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Camilla Care

Aliker led an exemplary and corruption-free life, says Assistant Bishop Mutebi

Vaseline 1 month ago

The Assistant Bishop of Kampala, Rt Rev Hannington Mutebi, has described Dr Martin Aliker as a person who lived an exemplary life without being corrupt despite holding key positions in private and public offices. Dr. Aliker, 95, died at a hospital in Kampala City on Monday.

Speaking at the funeral service for Dr Aliker at All Saints Cathedral Church, Rt Rev Mutebi said that in all the time he has been in the country, he has never heard of allegations of corruption against Dr Aliker.

Rt. Mutebi said that Dr. Aliker’s journey in life started with doing good deeds and he completed it well as the Biblical scriptures guide us all.

Mrs. Camille Aliker, the widow of Dr. Aliker, celebrated her husband’s 64th anniversary.

“Those of you who are getting married, please have a partner in your marriage – a third partner – and you will succeed without a doubt, that is our Lord Jesus Christ,” Mrs. Aliker said.

Mrs. Aliker described Dr. Aliker as a complex person, but a simple man.

“He was romantic and you all know him, he was very handsome. And of course my heart melted (when he asked me to marry him) and we got married in May 1959,” she said.

She thanked President Museveni for granting her darling an official burial.

Mr. Philip Aliker, Dr. Aliker’s son, said his father was a beneficiary of education sponsorship, which changed his life, and the late Dr. Aliker has since devoted resources and time to educating many others.

“Education makes the difference for him,” Aliker said.

He said his father had great respect for the Uganda People’s Defense Forces (UPDF).

“You cannot trade without security. You can’t be chairman of a company without security. He (Dr. Aliker) thanked the UPDF for bringing peace and stability,” he said.

Great mentor
Mr Thomas Tayebwa, the Deputy Speaker of Parliament, said Dr Aliker introduced him to several key figures, who had a major impact on his life after meeting him in 2006.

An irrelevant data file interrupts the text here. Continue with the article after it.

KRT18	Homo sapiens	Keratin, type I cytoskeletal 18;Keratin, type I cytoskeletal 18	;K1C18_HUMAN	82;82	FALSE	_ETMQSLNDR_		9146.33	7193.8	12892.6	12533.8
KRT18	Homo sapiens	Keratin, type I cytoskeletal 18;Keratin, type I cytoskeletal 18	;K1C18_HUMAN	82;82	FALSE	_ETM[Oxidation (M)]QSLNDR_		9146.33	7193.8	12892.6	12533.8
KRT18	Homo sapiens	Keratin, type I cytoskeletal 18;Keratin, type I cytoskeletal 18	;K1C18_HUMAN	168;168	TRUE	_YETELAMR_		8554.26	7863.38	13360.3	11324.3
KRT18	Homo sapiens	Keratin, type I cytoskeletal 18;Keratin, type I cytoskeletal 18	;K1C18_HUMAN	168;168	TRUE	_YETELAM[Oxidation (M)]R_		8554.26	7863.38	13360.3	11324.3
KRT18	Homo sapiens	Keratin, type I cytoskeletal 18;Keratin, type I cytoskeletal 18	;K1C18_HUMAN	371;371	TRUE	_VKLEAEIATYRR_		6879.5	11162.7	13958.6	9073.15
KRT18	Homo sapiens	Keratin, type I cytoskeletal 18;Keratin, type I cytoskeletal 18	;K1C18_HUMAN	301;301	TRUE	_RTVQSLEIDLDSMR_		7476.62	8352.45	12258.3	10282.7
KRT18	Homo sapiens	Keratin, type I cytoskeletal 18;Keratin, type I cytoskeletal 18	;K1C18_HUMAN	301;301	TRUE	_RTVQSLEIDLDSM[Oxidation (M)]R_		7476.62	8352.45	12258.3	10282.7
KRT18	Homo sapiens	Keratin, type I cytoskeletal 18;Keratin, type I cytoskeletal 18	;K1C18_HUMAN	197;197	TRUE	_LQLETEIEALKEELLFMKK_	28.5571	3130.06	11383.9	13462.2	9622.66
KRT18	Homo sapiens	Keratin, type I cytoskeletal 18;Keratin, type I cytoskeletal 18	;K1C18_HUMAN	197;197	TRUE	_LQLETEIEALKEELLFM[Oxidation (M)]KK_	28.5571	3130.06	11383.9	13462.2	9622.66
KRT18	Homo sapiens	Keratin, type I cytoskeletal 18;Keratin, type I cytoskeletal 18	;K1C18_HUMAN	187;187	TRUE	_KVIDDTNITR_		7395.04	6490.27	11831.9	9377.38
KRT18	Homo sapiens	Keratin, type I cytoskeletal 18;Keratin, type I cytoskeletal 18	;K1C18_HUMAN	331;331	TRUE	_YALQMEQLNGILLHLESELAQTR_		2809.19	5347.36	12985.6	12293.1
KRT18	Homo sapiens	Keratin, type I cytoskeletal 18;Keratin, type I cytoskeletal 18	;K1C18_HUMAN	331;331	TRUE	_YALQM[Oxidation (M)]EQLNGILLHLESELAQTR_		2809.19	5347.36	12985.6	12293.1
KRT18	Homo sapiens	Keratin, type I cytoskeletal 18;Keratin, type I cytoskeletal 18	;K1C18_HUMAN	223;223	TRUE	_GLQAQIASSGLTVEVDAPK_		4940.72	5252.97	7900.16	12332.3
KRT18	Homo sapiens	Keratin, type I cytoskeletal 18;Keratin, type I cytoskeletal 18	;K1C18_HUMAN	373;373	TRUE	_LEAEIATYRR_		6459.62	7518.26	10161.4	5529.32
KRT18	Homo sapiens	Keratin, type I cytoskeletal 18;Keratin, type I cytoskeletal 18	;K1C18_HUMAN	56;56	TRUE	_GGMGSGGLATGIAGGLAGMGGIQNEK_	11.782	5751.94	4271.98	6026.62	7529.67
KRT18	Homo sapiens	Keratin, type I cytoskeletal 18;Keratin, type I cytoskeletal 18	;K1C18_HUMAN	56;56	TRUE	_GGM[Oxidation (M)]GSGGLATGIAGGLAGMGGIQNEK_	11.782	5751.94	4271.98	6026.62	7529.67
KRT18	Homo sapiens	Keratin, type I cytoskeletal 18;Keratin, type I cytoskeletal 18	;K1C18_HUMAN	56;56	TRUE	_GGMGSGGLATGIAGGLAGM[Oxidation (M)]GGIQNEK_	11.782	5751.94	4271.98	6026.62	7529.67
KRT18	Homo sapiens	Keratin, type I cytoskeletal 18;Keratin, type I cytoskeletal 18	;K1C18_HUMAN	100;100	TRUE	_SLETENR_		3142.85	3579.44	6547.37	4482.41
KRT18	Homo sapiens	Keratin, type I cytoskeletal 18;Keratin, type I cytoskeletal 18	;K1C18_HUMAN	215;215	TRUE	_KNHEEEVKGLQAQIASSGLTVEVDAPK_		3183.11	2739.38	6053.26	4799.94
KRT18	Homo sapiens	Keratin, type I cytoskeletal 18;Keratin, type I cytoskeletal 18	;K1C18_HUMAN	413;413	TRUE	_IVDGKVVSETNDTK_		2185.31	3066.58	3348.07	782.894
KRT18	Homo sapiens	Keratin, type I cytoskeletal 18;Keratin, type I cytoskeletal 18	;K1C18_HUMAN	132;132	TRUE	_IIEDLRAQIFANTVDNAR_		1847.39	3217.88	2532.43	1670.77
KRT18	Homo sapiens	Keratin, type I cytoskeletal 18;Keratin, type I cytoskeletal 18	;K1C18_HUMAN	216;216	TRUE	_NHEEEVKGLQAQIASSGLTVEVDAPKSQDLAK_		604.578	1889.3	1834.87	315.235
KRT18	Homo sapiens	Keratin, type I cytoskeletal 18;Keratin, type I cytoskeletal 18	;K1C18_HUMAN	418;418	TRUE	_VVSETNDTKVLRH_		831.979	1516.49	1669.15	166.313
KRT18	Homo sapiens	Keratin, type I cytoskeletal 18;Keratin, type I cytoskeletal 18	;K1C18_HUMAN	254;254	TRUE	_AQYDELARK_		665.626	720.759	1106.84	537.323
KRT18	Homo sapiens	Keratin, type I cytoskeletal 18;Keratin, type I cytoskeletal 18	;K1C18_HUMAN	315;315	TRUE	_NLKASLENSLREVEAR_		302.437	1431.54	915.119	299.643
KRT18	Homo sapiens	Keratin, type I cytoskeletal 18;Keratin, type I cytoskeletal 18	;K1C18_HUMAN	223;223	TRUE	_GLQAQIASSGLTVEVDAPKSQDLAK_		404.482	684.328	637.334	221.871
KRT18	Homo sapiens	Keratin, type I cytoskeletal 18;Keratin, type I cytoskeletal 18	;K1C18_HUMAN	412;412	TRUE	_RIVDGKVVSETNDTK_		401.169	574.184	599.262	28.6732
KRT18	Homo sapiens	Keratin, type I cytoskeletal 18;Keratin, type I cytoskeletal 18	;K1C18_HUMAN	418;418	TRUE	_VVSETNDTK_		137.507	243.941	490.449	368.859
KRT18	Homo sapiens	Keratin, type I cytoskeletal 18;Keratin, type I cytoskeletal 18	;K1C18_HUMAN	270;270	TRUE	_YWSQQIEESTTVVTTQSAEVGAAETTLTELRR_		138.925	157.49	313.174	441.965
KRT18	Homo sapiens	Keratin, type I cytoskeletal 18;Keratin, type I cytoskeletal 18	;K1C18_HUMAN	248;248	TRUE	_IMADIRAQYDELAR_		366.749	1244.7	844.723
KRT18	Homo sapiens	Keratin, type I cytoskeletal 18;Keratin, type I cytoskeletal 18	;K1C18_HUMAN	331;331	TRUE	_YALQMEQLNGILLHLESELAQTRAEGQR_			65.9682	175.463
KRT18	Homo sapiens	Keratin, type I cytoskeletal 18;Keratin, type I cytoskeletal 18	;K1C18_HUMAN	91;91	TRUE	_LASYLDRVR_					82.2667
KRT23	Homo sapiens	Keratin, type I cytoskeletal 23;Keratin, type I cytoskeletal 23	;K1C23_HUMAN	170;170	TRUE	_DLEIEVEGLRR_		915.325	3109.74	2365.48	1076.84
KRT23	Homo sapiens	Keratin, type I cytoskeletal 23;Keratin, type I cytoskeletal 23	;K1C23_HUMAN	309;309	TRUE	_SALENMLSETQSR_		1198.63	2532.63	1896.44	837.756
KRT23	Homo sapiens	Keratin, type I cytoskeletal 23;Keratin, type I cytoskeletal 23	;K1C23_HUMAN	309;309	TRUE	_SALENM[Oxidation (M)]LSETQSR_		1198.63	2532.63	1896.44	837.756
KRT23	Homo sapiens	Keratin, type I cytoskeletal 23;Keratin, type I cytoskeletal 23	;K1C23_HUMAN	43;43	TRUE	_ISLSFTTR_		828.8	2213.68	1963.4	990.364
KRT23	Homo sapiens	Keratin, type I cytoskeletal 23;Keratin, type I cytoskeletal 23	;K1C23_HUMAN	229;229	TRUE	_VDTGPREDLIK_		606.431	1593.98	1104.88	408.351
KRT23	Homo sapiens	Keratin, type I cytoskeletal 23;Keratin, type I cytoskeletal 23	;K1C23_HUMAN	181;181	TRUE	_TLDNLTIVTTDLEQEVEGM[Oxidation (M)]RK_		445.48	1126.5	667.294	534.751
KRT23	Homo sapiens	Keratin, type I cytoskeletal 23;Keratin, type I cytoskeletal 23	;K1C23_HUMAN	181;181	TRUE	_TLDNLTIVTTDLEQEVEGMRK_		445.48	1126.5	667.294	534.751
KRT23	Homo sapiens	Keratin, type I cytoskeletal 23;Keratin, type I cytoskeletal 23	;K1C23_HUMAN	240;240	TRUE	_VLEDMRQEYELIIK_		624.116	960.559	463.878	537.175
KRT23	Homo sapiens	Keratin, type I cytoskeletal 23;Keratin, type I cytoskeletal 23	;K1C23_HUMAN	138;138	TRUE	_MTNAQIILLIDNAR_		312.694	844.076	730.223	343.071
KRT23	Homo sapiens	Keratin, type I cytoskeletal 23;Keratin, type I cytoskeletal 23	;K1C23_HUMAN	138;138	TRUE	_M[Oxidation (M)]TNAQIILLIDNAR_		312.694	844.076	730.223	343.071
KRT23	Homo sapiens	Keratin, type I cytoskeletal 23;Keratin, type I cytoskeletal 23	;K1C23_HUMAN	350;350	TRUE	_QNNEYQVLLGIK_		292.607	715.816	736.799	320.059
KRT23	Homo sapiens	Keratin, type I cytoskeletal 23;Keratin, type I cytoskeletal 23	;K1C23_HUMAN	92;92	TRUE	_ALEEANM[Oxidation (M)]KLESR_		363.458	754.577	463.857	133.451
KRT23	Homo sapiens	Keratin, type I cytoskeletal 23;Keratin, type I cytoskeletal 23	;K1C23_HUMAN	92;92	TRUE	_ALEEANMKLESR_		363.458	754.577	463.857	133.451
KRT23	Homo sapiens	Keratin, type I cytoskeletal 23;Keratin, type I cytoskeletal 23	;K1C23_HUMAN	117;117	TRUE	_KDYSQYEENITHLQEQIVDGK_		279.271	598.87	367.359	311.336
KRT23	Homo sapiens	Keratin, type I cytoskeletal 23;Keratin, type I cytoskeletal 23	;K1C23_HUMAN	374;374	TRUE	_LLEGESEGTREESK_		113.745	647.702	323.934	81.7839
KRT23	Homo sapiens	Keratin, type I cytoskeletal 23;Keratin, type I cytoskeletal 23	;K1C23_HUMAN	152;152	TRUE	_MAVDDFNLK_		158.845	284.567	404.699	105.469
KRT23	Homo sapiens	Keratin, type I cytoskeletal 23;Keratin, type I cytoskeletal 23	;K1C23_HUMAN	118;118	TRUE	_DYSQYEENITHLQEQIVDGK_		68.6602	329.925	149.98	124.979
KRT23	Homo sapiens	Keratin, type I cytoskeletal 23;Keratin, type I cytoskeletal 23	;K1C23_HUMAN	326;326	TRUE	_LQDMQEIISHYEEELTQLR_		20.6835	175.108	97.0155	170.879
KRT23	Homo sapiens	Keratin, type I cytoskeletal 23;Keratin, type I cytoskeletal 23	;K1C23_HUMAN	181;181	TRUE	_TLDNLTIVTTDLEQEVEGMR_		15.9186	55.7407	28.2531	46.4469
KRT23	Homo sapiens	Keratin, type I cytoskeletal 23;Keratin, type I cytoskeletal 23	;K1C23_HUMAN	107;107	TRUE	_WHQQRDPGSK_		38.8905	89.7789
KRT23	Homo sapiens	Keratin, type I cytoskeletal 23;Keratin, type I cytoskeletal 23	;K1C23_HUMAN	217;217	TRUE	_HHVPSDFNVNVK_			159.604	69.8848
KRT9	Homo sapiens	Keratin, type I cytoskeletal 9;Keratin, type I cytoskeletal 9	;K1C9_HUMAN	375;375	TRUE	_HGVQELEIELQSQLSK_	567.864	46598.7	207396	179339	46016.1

Mr Tayebwa said in 2006, when he was still a member of an alumni association of Makerere University, that they wanted Dr. Aliker was to become the chancellor of that tertiary institution, but their wish failed because Dr. Aliker held the same position at another public university.

“We missed him. Since then he has chosen me and said: ‘You will be my good young friend, because you will be a friend without any other conditions.’ And we became friends,” Tayebwa said.

He said that Dr. Aliker in 2016, even as he won the parliamentary elections, visited him at his former home in Najjera, Kira Municipality of Wakiso District, and advised him to leave that area as he said it was not safe for him.

Mr Tayebwa moved to another area on the advice of Dr Aliker.

Earlier, at the wake, Mrs Aliker described her husband as a consummate professional.

“When we returned to Uganda, he started working for the government, then the colonial government and he was transferred to Mulago and he came back and said, ‘You know, these British people don’t know anything about dentistry. I’m very frustrated.’ Anyway, his frustration must have become apparent because they transferred him to the then so-called European hospital. But unfortunately he could not treat his fellow countrymen in that hospital, he could only treat the European officials, which did not suit him at all.”

Naomi Wanyama, sister of Dr. Aliker: Aliker wanted Uganda to be peaceful, he told me, when there was a small problem in 2001. He said, ‘Naomi, I am not going back to exile. I was treated very well by the president and the people of Kenya, but I always had the mark on my heart that I was a refugee. So now that I’m here, I’m not going anywhere.

Rwot David Onen Acana II: The entire Acholi cherished the resilience of Dr. Aliker and many of his brothers and sisters, who raised the bar much higher in higher education. That was imitated by all Acholi. The family of Rwot Lacito Okech, his father, was known for the first few university degrees and diplomas much earlier in the 1950s and 1960s.

General Edward Katumba Wamala, Minister of Works and Transport: I want to thank God for the life of a man of integrity, a man of dignity, a man with all those who lived his life and lived it well. We may not be who he was, but we can emulate the good things he did – integrity – that is something we are looking for as a country today.

Charles Mbire, businessman, entrepreneur and industrialist in Uganda: Dr. Martin Aliker has been a good man. He was good at making jokes and he was a great man. We are centuries apart from Martin, but he taught me a lot about Ugandan history, he knew every detail of this country. He was the kind of guy you wouldn’t want to stop talking about.

Mr Jimmy Mugerwa, Chairman Uganda Breweries Ltd (UBL): Martin served on the UBL board for 43 years, from 1962 to 2006. He is the longest serving board member we have ever had at a brewery and we attribute a large part of our success to what Martin did. When we sit in that boardroom and see Martin’s photo, you recognize that we are who we are because of him.